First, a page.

• The Parenting Relationship Questionnaire (PRQ) was used to elicit the parents’ perspective of the parent-child relationship, with attachment, involvement, confidence, and relational frustration scales being the focus of the current study. 
  • The Parenting Scale (PS) was used to measure parental discipline practices, including laxness, over reactivity, and verbosity.
  • The Parent’s Attributions for Child’s Behavior Measure (PACBM) was used to assess parents’ negative attributional styles for the cause of their children’s misbehaviour.

Findings

This study identified statistically significant positive impact on a number of child and parent outcomes, including:

  • child internalising and externalising behavioural problems (Child Behaviour Checklist)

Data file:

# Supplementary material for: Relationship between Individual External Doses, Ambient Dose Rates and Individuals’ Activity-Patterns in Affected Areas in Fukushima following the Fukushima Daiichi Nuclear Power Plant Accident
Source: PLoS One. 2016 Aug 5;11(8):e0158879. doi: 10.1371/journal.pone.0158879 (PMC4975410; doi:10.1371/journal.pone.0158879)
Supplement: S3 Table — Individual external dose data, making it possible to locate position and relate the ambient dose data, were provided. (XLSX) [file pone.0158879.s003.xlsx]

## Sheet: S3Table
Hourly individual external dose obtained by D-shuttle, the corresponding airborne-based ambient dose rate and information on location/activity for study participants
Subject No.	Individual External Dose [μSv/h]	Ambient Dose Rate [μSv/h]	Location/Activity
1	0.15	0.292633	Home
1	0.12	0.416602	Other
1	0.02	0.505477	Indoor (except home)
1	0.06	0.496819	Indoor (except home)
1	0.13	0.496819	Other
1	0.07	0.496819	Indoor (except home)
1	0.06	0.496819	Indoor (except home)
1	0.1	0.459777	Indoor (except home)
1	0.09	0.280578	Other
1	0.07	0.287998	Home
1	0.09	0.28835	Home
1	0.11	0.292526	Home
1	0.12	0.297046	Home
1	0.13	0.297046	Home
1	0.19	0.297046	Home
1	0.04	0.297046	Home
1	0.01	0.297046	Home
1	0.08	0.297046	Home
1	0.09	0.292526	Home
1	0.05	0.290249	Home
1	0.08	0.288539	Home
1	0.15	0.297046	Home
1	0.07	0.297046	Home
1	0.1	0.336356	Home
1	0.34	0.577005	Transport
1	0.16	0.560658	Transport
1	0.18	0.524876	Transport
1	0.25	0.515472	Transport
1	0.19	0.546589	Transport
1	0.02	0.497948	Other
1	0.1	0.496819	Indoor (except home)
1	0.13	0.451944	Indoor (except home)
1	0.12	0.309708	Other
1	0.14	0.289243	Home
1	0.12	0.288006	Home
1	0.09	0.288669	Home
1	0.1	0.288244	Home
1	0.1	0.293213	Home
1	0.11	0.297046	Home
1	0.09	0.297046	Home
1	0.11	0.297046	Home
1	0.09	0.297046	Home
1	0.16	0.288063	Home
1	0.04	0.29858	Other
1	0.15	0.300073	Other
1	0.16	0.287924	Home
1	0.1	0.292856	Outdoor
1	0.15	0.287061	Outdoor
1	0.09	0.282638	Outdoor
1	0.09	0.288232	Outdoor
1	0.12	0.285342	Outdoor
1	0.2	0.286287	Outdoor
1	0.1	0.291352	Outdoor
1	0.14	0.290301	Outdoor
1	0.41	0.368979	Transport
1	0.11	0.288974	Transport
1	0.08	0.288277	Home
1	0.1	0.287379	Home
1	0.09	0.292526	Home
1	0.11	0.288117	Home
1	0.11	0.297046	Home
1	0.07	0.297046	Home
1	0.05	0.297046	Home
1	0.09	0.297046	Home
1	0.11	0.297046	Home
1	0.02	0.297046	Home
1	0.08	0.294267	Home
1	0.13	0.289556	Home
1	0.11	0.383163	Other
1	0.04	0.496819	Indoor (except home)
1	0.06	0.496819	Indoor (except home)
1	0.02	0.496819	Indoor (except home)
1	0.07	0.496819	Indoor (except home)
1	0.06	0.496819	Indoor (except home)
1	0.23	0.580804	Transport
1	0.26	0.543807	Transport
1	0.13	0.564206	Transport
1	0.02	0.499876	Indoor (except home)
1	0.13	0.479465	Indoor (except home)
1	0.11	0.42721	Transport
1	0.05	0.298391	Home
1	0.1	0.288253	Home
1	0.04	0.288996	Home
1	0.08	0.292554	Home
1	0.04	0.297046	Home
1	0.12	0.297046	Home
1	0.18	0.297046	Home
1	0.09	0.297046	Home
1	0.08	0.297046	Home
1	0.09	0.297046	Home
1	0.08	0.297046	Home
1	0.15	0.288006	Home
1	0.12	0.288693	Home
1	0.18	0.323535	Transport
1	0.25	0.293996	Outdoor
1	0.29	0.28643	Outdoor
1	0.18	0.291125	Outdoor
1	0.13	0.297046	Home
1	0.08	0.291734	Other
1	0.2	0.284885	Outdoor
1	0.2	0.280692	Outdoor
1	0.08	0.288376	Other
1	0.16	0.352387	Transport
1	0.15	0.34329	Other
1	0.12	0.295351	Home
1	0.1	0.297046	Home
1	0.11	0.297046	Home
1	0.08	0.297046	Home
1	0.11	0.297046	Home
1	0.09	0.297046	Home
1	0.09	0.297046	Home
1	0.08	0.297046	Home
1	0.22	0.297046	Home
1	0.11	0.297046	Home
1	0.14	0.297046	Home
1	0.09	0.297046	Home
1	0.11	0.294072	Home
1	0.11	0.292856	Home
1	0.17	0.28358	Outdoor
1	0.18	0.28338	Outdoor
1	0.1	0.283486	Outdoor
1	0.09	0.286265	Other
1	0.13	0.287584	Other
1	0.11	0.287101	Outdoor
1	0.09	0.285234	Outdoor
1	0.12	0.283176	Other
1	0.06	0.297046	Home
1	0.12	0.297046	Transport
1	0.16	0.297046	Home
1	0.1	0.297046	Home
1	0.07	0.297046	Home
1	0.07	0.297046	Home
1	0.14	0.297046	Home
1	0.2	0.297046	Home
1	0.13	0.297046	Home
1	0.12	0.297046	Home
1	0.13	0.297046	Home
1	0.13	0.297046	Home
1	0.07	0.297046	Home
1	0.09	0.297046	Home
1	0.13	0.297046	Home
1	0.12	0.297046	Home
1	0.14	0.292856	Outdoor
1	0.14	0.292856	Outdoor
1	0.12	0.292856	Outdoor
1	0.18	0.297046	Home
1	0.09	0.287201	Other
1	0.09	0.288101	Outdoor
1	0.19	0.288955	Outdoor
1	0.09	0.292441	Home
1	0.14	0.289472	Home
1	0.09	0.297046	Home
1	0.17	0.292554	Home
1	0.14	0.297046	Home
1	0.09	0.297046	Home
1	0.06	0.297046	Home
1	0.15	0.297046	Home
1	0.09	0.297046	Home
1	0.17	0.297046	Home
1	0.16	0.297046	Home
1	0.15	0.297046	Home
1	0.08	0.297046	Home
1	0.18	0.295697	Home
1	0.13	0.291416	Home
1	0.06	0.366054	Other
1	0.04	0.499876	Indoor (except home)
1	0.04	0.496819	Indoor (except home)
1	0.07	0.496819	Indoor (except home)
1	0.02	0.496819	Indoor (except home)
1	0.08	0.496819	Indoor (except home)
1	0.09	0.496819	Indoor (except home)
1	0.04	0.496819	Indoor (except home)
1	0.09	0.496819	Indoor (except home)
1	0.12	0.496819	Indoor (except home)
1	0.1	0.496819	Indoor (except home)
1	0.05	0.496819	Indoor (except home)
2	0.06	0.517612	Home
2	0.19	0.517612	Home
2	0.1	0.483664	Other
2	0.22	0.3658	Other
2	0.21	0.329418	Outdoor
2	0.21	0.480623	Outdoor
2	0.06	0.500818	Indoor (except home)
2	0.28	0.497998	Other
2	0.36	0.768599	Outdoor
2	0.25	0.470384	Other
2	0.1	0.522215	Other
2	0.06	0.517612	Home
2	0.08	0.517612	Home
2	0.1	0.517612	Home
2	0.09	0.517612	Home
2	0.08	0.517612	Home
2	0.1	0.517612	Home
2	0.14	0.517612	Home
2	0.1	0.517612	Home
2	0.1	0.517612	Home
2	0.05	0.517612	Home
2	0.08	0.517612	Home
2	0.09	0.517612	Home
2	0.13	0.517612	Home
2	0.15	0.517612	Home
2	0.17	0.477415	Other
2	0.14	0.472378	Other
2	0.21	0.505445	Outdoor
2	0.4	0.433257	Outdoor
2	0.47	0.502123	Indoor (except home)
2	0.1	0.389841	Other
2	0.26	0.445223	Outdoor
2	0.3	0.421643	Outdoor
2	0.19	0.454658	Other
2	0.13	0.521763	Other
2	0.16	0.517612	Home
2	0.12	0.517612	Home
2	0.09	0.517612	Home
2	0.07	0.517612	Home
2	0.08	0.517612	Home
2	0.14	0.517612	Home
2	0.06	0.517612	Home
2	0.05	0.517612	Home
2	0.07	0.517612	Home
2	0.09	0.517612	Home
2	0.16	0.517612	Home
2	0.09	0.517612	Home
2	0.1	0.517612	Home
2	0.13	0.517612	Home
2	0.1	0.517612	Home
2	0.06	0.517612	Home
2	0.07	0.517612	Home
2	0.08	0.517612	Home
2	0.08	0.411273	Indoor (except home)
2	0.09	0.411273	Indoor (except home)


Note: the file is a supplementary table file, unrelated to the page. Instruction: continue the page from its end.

• parental confidence, attachment, and involvement (Parenting Relationship Questionnaire)
  • parental laxness, verbosity, and overreactivity (Parenting Scale)
  • negative blame and intentional attributions of child’s disruptive behaviour (Parent’s Attributions for Child’s Behaviour Measure).

The conclusions that can be drawn from this study are limited by methodological issues pertaining to a lack of clarity as to whether study attrition undermined the equivalence of the study groups.

More Less about study 3

Other studies

The following studies were identified for this programme but did not count towards the programme's overall evidence rating. A programme receives the same rating as its most robust study or studies.

Lewis, E. M., Feely, M., Seay, K. D., Fedoravicis, N., & Kohl, P. L. (2016). Child welfare involved parents and Pathways Triple P: Perceptions of program acceptability and appropriateness. Journal of Child and Family Studies, 1 – 11.

Whalley, P. (2015) Child neglect and Pathways Triple P: an evaluation of an NSPCC service offered to parents where initial concerns of neglect have been noted. London: NSPCC.

Published February 2019   |   Last updated April 2021